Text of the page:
Your last option, the one guaranteed to completely remove the trojan, is to do a clean install of your copy of OSX. You will need to grab your install disks, or boot into Lion’s recovery mode to reinstall the OS completely. This is really a last resort, but is 100% effective against removing Flashback.
Congratulations! You’ve removed Flashback, so now you can go about your merry way right? WRONG. Flashback got onto your Mac because you had a security hole in your system and it needs to be patched. Once you have an Internet connection, update you Mac until there is nothing left in your Software Update que to install. This especially applies to any updates that say OSX update, Java, and/or Security. Apple has already patched the hole in Java on OS 10.7 “Lion” and 10.6 “Snow Leopard”, but it will not be updating previous versions of OS 10, including 10.5 “Leopard”. They should get all of their update anyway, but will also need to keep running an antivirus.
Once you have finished updating your Mac, it wouldn’t hurt to scan again. However. You might think about just disabling Java if you don’t need it. This can be done on OS 10.5 and later systems. Go to your
Applications folder, open the Utilities folder, and open the Java Preferences app. Under the General Tab, uncheck the box that says “Enable Applet plug-in and Web Start applications,on Snow Leopard and Lion. On Leopard, disable all the versions of Java capable of running in the checklist. You should also go to the Network tab and clear the caches/delete temporary files, then uncheck the box that says, “Keep temporary files for fast access” . However, if you constantly use Java apps online, these steps shouldn’t be followed because you may not be able to run Java web programs, as well as certain desktop Java apps. For most people, this shouldn’t be a problem though.
The last step, and by far not the least is to change all of your passwords. As I stated before, Flashback is a password stealer and actively transmits your personal info back to its home base. Change any and every password that you used since you were infected. Better yet, change all of your passwords. Anything that deals with sensitive information or money, such as bank accounts, Facebook, email, etc. should be changed immediately. Several students were changing their passwords while their Macs were being repaired and noted that their various accounts were reporting about suspicious activity and access. For example, one student said his birth date on Facebook had been changed, while another reported that his email was last accessed in Japan (he had never been to Japan). You will also want to check with your bank and your emails for any transactions or messages sent that you don’t recognize ever doing. The sooner you can can report fraud, the sooner it can be stopped and the better off you will be.
What Flashback has proven, as well as MacDefender last year, is what I and others have been saying for a long time now: the Mac is not an impenetrable fortress, and it was only a matter of time before OSX would be attacked. Honestly, I wish I was wrong, and the amount of Windows malware is still drastically higher than that of Mac malware. Flashback doesn’t need to be a cause for mass panic in the Apple community, though. Nor does it make the Mac platform any worse; it only goes to show that no system is without flaws and that users of any computer system need to be vigilant about what they do online, where they go, and how secure they really are.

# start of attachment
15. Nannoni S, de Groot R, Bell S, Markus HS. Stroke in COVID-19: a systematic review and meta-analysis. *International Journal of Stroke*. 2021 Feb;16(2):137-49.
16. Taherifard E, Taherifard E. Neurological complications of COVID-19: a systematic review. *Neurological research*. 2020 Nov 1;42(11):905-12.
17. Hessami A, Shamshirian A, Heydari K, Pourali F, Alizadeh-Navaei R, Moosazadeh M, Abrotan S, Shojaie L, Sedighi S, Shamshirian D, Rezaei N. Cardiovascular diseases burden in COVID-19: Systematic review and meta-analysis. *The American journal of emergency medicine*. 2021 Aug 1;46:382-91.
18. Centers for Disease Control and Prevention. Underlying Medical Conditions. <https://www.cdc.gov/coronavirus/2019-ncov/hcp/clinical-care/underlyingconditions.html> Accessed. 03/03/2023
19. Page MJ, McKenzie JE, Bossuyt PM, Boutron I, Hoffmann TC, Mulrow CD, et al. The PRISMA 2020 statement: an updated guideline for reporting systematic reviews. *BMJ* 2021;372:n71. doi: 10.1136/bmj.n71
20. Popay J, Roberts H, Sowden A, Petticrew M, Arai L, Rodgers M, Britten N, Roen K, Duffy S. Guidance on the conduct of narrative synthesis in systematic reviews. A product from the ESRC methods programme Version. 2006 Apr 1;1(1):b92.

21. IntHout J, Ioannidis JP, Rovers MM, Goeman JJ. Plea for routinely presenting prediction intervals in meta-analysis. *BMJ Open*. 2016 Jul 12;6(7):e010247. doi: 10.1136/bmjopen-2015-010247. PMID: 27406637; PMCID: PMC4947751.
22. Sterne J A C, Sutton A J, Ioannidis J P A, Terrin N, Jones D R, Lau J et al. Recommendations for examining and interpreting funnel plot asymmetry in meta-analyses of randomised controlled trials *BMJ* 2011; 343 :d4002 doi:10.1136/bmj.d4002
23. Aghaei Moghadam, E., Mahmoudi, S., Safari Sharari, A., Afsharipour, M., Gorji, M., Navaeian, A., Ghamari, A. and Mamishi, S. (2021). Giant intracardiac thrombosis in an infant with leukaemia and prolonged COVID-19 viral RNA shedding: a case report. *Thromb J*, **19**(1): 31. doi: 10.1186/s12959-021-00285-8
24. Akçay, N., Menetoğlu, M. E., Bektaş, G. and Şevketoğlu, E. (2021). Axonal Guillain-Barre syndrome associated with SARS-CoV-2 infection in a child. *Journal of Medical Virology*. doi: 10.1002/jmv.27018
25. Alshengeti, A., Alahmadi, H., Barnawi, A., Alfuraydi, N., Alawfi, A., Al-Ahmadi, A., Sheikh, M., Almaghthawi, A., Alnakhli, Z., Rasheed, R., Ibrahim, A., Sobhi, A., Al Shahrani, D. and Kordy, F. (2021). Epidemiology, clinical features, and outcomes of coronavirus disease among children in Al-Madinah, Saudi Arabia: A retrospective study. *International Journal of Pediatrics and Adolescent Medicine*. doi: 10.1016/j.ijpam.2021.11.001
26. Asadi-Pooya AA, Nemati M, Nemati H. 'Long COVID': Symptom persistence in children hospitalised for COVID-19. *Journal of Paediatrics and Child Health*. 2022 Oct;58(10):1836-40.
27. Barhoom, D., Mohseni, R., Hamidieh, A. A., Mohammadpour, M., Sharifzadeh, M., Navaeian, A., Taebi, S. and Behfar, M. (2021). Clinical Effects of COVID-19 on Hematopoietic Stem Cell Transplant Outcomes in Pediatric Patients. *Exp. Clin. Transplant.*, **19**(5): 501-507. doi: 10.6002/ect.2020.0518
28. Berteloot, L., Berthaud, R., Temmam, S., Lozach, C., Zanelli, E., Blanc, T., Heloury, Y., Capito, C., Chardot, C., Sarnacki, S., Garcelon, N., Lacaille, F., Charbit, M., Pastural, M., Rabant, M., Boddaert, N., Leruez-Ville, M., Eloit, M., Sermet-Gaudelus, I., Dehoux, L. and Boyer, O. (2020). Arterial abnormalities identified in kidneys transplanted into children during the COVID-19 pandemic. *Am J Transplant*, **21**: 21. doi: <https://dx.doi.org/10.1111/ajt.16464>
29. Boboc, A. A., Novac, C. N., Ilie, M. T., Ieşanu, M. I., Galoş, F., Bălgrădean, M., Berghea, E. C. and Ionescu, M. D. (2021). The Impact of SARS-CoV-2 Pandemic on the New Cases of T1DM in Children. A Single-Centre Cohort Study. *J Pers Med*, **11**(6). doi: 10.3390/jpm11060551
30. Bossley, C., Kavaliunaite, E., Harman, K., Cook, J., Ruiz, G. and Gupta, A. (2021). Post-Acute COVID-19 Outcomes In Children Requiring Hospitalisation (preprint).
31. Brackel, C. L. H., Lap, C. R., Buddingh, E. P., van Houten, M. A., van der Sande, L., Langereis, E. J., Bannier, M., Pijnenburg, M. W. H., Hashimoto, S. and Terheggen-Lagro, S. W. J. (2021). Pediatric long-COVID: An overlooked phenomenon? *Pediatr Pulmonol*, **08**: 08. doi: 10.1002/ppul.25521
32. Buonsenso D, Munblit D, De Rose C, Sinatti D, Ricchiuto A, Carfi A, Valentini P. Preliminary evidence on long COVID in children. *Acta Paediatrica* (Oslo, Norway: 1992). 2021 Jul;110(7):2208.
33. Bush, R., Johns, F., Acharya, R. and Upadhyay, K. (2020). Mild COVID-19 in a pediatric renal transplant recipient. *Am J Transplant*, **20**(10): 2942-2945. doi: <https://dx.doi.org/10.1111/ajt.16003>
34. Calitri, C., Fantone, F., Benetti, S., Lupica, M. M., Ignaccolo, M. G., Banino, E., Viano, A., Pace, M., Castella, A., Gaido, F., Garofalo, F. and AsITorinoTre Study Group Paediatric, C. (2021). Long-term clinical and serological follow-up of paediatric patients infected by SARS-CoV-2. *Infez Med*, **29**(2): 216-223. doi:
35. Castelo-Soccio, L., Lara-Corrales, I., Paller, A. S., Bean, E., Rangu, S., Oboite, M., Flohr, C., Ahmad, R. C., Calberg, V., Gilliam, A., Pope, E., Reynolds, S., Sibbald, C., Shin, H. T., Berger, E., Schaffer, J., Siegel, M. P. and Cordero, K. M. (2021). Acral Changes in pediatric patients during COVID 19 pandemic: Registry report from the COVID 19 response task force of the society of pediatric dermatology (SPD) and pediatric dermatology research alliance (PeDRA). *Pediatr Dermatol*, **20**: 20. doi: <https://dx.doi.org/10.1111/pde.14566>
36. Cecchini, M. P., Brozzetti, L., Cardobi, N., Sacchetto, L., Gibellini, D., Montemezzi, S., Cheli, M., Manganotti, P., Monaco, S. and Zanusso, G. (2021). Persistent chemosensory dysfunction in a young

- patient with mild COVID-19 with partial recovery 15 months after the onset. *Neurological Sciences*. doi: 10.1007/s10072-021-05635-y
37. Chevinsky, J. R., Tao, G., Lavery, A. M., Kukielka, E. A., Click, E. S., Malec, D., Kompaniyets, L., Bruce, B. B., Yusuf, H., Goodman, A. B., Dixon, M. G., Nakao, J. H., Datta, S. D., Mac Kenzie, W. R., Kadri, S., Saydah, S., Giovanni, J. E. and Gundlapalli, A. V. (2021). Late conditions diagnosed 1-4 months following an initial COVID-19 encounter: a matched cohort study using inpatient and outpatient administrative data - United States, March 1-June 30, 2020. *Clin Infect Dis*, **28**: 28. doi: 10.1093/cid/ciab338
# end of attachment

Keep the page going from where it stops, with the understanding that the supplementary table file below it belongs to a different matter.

If you have any questions, comments, or suggestions about this or any other topic, leave a comment below or email me at firstname.lastname@example.org You can also check me out on Facebook, Twitter, and YouTube by hitting the buttons on the top of your screen. You can also check out my Google Plus. Thanks!
UPDATED: April 12 at 2:10 pm to link to the F-Secure removal tool.
UPDATED April 12 at 5:41 pm to cover Apple’s update new Java update and removal tool
Very useful blog. Keep up the good work.
Fantastic blog, very useful info. Thanks a bunch! 🙂
i run an old ibookG4 with OS 10.4.11 and i don’t think UUID exist on it..
i’m a little concerned because my bank’s website detected a “new computer” today when i tried to visit it so i didn’t enter my password and tried to get info about potential malware like flashback before i do anything.
is there any useful tool for such older versions of OS X?
thanks for the blog!
Unfortunately, Apple has stopped providing any significant updates to 10.4. There also aren’t many tools left that run on 10.4 because it is an older system. Upgrading to a newer machine might be in your future. OS 10.4 also doesn’t have a UUID, which wasn’t added until OS 10.5, so most of the online checking tool won’t work with your machine
All that being said, there are a few things you can do. First, make sure you do have all the updates for your system.
Second, to check for the malware, download and install Sophos Antivirus for Mac Home Edition. It’s free, and it’s one of the only free antiviruses that still runs on 10.4. Here’s the link: http://www.sophos.com/en-us/products/free-tools/sophos-antivirus-for-mac-home-edition/system-requirements.aspx
Third, you can change your DNS settings to something more secure. DNS is basically your Internet’s phonebook and some services have more secure DNS’s. Google provides one, but I like OpenDNS, which actively blocks against Flashback: Here’s how to change your DNS settings:
1. Go to System Preferences -> Network -> click “Advanced”
2. Click the “DNS” tab and then the “+”
3. Paste or type in 188.8.131.52 and 184.108.40.206.
4. Click the “+” under search domain and type or paste in “opendns.org”
Lastly, whether or not you have been infected, it wouldn’t be a bad idea after going through the above steps to go through and change your passwords, especially anything dealing with personal information: Bank accounts, email, Facebook, etc. If you happen to be infected, it would be better to wait until you’re clean again before changing this information. You can always use a tool like Lastpass to help you create or at least manage your passwords. You can look at it at lastpass.com.. Hope this helps!